I do more research.  I check the government records at the Secretary of State’s office for my state (Massachusetts) and the corporate HQ (Washington).  I file complaints with the Washington Office of the Attorney General and with my state’s regulator for collection agencies, the Massachusetts Division of Banks.  I also go online to the FTC and use their online complaint process at www.FTC.gov. I send a certified letter to the company demanding that they verify the debt per my rights under the law.

In my research I find several websites that have posts from many irate consumers who have had dealings with this company.  All of them report various kinds of abuse.  Many show how seedy collection agencies try to scam consumers by trying to collect on fictitious charges, using abusive tactics in their calls and ignoring any inbound contact with the consumer.  You can check out the consumer reports on this company online at Ripoff Reports, Complaints Board and Complaints.com.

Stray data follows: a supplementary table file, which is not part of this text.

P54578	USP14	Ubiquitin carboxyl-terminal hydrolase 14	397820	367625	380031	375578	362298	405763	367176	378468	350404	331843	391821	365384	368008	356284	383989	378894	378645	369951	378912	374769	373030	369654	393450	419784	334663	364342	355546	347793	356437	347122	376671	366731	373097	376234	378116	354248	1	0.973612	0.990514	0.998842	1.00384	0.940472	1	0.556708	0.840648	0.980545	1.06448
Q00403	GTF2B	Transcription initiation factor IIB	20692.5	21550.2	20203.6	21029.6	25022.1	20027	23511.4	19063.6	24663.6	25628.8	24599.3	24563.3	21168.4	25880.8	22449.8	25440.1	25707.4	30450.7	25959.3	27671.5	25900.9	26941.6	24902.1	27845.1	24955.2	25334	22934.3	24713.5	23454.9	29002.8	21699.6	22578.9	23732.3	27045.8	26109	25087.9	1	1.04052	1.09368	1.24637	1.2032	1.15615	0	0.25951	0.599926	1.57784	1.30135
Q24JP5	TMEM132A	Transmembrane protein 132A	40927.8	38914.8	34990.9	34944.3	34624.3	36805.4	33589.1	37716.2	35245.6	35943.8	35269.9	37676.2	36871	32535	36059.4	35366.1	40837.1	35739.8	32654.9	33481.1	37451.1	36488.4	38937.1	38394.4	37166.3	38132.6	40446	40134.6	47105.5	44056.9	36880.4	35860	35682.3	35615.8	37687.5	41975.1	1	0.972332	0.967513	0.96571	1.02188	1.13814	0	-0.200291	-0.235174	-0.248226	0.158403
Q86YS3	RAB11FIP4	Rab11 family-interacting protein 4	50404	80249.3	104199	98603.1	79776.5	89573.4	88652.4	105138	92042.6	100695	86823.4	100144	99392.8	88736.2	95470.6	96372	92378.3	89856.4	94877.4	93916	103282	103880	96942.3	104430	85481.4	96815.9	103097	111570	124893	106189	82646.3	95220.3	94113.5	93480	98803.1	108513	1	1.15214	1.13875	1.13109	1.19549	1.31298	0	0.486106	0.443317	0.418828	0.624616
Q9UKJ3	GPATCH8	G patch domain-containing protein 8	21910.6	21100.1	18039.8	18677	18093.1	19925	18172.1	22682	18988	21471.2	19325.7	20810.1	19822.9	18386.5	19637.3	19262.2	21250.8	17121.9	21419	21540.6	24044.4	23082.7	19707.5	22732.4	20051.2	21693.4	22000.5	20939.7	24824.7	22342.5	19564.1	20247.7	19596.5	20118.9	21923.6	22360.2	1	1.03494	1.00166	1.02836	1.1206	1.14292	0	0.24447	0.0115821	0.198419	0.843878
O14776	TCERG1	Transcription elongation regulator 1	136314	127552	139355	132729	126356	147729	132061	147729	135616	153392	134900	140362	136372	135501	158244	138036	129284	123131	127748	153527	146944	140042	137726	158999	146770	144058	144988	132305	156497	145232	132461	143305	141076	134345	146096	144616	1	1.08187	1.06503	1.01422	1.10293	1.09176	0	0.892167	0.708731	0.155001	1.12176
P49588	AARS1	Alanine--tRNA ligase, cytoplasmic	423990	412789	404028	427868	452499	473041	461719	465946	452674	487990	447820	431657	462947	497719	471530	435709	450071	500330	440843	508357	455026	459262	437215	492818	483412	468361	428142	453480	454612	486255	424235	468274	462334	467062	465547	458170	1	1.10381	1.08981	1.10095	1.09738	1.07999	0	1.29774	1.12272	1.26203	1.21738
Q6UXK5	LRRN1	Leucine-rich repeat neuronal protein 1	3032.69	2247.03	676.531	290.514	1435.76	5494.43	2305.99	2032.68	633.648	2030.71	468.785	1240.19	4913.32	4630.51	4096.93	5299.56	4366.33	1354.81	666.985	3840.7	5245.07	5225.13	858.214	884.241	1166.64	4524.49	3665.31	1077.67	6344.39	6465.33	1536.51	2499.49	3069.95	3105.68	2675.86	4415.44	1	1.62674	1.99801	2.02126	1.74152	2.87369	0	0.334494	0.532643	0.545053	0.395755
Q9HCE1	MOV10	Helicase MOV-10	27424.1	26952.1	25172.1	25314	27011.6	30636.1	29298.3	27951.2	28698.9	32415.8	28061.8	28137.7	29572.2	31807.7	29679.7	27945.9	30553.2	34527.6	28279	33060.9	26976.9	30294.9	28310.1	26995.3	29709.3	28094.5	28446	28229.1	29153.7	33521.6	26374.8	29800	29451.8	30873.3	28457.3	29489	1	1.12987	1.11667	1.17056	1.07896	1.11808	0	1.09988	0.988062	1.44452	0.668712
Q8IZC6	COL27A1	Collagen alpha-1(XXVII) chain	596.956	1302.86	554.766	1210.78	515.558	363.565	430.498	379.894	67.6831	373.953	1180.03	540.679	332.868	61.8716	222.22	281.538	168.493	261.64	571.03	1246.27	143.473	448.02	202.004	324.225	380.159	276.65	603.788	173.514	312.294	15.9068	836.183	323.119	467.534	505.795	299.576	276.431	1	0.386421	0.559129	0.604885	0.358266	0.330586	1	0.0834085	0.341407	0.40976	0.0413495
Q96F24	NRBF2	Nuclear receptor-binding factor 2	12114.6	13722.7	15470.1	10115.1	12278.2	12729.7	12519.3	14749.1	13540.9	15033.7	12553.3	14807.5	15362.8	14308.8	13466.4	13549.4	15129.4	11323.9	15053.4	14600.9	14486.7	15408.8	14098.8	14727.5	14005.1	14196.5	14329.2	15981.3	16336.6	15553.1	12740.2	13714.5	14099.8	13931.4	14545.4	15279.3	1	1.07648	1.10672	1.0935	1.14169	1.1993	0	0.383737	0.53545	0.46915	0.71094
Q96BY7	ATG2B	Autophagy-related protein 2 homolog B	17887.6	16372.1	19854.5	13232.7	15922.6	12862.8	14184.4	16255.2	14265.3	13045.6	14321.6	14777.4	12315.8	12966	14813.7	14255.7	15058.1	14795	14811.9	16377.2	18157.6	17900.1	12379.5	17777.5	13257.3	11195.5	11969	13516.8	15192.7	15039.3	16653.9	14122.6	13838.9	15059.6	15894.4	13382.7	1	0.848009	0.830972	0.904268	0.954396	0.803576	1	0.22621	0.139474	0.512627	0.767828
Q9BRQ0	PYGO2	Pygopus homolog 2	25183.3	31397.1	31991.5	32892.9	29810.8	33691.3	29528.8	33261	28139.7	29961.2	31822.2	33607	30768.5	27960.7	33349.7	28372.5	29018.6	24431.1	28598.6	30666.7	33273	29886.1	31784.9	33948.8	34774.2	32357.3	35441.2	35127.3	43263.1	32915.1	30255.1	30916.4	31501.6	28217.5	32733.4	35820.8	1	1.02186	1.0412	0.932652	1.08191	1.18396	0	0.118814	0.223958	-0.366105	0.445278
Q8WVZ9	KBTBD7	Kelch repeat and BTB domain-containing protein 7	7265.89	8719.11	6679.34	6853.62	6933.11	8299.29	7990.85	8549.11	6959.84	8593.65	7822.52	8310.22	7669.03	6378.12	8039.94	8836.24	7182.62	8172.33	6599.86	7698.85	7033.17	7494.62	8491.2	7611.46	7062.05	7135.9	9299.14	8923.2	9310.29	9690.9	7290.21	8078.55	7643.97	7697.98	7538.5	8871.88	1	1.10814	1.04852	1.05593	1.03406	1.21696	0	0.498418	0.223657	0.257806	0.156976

In many cases the stories sound like mine.  It’s either a fictitious debt or a debt that was in dispute with a creditor that should not have been turned over.  But being big faceless corporations that they are, one hand doesn’t know what the other is doing.

Without any help from my British friend at ER Solutions, I tracked down the problem.  Since the folks at ER Solutions never answer their phones and never provided any account reference in their call, I checked my free credit report that I got from http://www.AnnualCreditReport.com.  I found a cryptic reference to Verizon Wireless, my cell phone carrier.

One Computer Glitch Leads to Another